Pain in the arse, 2006
Composed of hundreds of individually hand placed photographs that have been harvested from the pornographic websites, this piece is not only a self portrait, it is autobiographical as well. It refers to a period of Hodway’s lifee where he had become disillusioned with the contemporary art world and its hype. He had taken a sabbatical from fine art to explore the potential of commercial art and the emerging new media formats.
He quickly found employment as a graphic designer, working in web development. At the time, the Internet was in its relatively primordial state of evolution. Although the firm he was working for had no formal associations with the adult entertainment industry, when between projects Hodway and his team of developers were encouraged to scrutinise pornographic websites – or more specifically, the technologies that they were employing. Why? As it strove to distribute, monetise and protect, its content, it was the pornography industry that was instigating the development of the majority of new digital technology at the time. Online payment systems, image and video compression, as well as site security – all technologies that underpin the internet of today, are just some of the areas that are heavily indebted to the pioneering investment and development of the adult entertainment industry as it embraced and shaped the new electronic media.
Pornography triggers similar reactions in the brain to chemical narcotics, and can be equally addictive and desensitising with regular exposure. The internet made consumption of this content even easier than buying cigarettes or alcohol at the local convenience shop.
From a distance the portrait appears oddly pixilated. As the viewer approaches to investigate the nature of the pixels, it becomes clear that each one is in fact a picture of its own. Natural curiosity encourages the viewer even closer to discern what they are. Once they have realised, it is too late. They become award of their situation. The viewer is overtly and publicly consuming culturally taboo content, and therefore becomes subject to the judgement of their peers. Once they realise their predicament a new challenge emerges. Do they disengage, to signal their disapproval, and therefore their allegiance to socially acceptable behaviour, or, do they maintain their scrutiny to legitimately study the technique by which the portrait has been constructed. Perhaps they wish to stay engaged to feed a freshly ignited state of sexual arousal.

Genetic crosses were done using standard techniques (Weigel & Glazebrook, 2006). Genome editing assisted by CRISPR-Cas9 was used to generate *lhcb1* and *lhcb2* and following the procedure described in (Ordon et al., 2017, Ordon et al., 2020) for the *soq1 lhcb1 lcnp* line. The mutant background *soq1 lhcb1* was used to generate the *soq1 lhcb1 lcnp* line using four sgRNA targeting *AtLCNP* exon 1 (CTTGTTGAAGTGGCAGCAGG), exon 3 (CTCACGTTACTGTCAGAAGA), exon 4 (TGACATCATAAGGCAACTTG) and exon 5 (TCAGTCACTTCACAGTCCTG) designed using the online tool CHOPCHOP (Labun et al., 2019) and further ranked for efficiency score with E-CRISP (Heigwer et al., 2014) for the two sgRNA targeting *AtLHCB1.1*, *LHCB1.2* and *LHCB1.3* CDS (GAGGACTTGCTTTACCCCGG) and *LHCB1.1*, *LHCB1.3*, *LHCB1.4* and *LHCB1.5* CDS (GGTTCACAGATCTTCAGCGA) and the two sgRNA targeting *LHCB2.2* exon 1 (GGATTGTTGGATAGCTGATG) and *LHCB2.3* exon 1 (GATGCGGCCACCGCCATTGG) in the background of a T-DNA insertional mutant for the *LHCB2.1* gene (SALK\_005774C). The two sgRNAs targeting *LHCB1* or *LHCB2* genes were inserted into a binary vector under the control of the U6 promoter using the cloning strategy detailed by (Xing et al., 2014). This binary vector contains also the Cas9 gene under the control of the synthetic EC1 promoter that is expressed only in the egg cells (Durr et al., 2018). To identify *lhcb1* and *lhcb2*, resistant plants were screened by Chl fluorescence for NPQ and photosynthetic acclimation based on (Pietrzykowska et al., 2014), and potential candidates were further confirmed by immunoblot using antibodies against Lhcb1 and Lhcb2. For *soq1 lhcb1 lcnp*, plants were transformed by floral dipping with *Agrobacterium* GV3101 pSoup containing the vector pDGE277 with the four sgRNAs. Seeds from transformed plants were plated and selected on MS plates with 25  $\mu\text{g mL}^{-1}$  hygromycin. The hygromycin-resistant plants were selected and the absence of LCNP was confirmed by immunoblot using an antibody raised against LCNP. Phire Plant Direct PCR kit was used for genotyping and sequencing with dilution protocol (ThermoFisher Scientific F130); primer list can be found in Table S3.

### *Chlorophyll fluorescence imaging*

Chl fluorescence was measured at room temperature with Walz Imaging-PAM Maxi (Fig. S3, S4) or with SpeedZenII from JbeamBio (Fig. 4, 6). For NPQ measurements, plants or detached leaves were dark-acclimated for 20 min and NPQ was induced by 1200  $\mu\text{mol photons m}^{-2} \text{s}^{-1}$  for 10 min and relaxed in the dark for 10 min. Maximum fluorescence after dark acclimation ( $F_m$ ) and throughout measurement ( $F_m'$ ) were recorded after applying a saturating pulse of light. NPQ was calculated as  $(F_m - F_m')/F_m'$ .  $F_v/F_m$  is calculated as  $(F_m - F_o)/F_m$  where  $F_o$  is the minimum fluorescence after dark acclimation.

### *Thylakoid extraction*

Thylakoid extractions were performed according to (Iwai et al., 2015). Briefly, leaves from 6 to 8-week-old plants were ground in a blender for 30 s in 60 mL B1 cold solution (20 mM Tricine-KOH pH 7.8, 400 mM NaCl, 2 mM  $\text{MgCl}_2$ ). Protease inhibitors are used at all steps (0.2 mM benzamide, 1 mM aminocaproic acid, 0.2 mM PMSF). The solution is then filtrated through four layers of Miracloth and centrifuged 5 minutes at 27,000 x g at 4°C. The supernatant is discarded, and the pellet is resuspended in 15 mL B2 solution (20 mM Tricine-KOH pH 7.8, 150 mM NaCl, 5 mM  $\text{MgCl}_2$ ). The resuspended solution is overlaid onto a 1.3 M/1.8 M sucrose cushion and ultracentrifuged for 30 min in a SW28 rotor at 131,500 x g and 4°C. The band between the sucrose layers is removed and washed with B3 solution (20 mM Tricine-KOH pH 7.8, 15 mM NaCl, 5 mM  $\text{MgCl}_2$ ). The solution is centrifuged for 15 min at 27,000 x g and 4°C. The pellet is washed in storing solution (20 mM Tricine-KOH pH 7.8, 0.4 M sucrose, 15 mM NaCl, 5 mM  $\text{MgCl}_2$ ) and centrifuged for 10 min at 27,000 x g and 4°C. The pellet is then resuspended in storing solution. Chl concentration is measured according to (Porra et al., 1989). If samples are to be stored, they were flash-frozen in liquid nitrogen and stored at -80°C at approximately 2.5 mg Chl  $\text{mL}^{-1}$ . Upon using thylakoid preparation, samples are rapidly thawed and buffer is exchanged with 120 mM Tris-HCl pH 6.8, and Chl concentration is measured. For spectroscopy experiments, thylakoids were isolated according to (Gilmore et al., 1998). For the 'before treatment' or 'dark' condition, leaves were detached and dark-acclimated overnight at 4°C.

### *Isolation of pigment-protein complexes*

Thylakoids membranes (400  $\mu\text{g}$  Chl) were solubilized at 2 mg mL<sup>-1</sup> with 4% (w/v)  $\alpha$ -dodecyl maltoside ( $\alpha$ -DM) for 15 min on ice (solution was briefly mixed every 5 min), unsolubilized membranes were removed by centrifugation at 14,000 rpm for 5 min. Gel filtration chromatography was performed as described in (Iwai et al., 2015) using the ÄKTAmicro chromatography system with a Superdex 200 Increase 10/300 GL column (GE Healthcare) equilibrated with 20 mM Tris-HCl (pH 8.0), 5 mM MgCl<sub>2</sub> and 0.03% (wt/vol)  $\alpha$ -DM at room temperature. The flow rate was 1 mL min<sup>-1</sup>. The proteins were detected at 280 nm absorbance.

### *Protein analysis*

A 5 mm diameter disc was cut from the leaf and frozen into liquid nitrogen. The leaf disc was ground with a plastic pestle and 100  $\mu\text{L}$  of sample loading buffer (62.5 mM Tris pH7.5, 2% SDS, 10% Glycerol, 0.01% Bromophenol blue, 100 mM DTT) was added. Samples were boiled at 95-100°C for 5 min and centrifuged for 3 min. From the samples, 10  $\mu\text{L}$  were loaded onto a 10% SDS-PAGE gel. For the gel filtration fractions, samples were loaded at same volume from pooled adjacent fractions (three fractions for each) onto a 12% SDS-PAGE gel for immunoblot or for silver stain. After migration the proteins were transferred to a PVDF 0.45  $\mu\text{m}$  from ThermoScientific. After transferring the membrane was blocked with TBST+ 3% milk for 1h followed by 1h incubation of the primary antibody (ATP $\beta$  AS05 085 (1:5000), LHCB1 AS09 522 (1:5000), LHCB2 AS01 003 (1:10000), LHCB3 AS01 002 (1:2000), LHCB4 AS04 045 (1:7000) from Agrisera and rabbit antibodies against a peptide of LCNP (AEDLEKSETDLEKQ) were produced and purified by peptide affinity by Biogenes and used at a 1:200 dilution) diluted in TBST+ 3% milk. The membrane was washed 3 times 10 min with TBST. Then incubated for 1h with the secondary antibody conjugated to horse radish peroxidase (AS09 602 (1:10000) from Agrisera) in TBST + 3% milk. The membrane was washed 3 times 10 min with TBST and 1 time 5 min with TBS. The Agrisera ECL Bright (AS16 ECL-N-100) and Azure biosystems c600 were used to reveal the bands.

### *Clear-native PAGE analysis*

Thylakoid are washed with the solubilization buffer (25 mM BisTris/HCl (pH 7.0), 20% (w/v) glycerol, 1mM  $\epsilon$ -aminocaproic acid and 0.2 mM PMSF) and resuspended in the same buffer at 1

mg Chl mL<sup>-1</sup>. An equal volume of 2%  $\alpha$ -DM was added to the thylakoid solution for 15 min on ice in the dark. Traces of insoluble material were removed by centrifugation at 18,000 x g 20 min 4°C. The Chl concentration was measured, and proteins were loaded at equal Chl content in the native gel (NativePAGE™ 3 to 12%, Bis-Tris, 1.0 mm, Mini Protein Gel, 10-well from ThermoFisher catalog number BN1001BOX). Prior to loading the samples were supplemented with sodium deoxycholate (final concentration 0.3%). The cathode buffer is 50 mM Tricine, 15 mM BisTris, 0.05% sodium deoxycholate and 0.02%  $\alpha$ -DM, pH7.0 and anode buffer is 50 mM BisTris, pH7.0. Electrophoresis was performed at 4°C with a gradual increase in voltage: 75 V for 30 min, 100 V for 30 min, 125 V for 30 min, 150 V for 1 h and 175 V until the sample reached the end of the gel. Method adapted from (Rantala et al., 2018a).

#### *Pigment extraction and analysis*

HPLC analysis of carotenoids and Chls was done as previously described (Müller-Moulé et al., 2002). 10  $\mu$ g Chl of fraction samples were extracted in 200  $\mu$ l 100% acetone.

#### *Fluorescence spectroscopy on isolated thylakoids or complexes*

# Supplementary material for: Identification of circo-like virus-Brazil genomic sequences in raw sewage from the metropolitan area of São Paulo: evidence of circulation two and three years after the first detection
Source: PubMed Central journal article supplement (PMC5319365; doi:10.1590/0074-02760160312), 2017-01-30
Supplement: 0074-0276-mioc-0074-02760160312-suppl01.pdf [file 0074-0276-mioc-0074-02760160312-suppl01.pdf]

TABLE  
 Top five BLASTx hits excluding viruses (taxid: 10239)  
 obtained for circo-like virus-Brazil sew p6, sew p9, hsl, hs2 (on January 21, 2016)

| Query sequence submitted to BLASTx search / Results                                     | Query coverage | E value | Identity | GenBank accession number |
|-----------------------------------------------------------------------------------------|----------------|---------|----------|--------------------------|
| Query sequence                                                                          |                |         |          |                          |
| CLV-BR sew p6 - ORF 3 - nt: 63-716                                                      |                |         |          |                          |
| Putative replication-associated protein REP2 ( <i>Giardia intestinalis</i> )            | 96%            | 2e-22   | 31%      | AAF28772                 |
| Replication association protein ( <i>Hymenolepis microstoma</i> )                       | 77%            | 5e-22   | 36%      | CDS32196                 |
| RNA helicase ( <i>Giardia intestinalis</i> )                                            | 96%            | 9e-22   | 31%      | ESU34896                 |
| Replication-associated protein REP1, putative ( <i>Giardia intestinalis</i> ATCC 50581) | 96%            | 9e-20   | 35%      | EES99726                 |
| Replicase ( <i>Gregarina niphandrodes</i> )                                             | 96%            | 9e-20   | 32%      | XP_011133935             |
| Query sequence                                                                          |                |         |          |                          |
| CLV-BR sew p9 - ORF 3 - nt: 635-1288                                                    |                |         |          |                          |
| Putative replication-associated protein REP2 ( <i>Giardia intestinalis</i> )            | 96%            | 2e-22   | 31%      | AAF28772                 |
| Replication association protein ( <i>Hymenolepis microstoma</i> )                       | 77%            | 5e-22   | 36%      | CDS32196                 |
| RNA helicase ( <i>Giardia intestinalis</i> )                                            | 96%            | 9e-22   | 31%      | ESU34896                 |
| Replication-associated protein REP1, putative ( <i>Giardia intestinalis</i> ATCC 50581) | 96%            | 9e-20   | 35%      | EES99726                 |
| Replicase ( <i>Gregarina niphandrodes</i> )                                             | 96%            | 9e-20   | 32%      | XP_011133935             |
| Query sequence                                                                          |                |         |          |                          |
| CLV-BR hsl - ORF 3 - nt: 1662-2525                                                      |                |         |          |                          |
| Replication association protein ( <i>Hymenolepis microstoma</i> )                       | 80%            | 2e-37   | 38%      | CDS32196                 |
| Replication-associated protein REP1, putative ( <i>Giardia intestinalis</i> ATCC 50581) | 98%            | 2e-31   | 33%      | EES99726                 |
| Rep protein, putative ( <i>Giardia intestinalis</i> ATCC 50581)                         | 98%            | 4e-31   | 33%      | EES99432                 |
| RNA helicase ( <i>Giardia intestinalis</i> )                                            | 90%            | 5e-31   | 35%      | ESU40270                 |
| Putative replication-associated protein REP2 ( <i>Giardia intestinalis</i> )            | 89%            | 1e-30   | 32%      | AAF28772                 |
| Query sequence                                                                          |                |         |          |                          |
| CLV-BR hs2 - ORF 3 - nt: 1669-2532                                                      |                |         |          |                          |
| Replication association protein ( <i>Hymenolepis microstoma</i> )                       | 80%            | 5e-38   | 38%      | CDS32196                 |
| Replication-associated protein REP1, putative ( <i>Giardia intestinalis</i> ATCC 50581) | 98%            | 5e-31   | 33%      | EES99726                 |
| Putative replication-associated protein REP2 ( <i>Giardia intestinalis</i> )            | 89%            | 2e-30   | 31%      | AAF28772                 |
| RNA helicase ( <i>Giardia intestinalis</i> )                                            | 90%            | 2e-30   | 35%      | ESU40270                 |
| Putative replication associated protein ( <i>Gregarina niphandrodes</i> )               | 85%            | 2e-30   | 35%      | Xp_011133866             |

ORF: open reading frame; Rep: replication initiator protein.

The psychological principles employed reflect ones used in marketing and advertising, as well as coercion and manipulation. Sex sells. A seemingly innocent lure is presented, the victim is drawn in and incited to perform definative or incriminating act. Our carnal desires can be engaged to overpower logic and social conditioning. Once over the threshold of what is culturally unacceptable, it is much easier to stay there. The appearance of righteousness that has been lost cannot so easily be recovered.
The responses to this piece vary, largely by age and gender. Some viewers make a show of walking away as if they have been duped, others stay to inspect the pictures more closely. Others walk backward and forwards to identify at want point the larger picture becomes clearest. Almost all however look around the gallery to see who has observed [and judged] them once they realise the piece’s secret. It exposes the gulf between what we actually want to do, and what we are happy to be seen doing, as well as our fundamantal need to belong.